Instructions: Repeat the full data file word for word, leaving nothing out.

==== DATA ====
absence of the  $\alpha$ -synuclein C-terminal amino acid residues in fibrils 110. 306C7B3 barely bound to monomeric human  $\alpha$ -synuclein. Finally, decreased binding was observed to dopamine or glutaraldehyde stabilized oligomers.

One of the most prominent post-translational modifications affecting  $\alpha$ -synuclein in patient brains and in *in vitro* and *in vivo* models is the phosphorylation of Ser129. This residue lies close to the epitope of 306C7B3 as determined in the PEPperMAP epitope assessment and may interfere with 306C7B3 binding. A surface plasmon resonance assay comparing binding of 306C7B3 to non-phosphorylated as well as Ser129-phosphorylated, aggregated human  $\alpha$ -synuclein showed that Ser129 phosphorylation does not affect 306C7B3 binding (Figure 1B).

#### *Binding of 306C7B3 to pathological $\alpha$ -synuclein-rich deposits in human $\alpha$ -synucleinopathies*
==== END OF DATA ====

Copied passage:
absence of the  $\alpha$ -synuclein C-terminal amino acid residues in fibrils 110. 306C7B3 barely bound to monomeric human  $\alpha$ -synuclein. Finally, decreased binding was observed to dopamine or glutaraldehyde stabilized oligomers.

One of the most prominent post-translational modifications affecting  $\alpha$ -synuclein in patient brains and in *in vitro* and *in vivo* models is the phosphorylation of Ser129. This residue lies close to the epitope of 306C7B3 as determined in the PEPperMAP epitope assessment and may interfere with 306C7B3 binding. A surface plasmon resonance assay comparing binding of 306C7B3 to non-phosphorylated as well as Ser129-phosphorylated, aggregated human  $\alpha$ -synuclein showed that Ser129 phosphorylation does not affect 306C7B3 binding (Figure 1B).

#### *Binding of 306C7B3 to pathological $\alpha$ -synuclein-rich deposits in human $\alpha$ -synucleinopathies*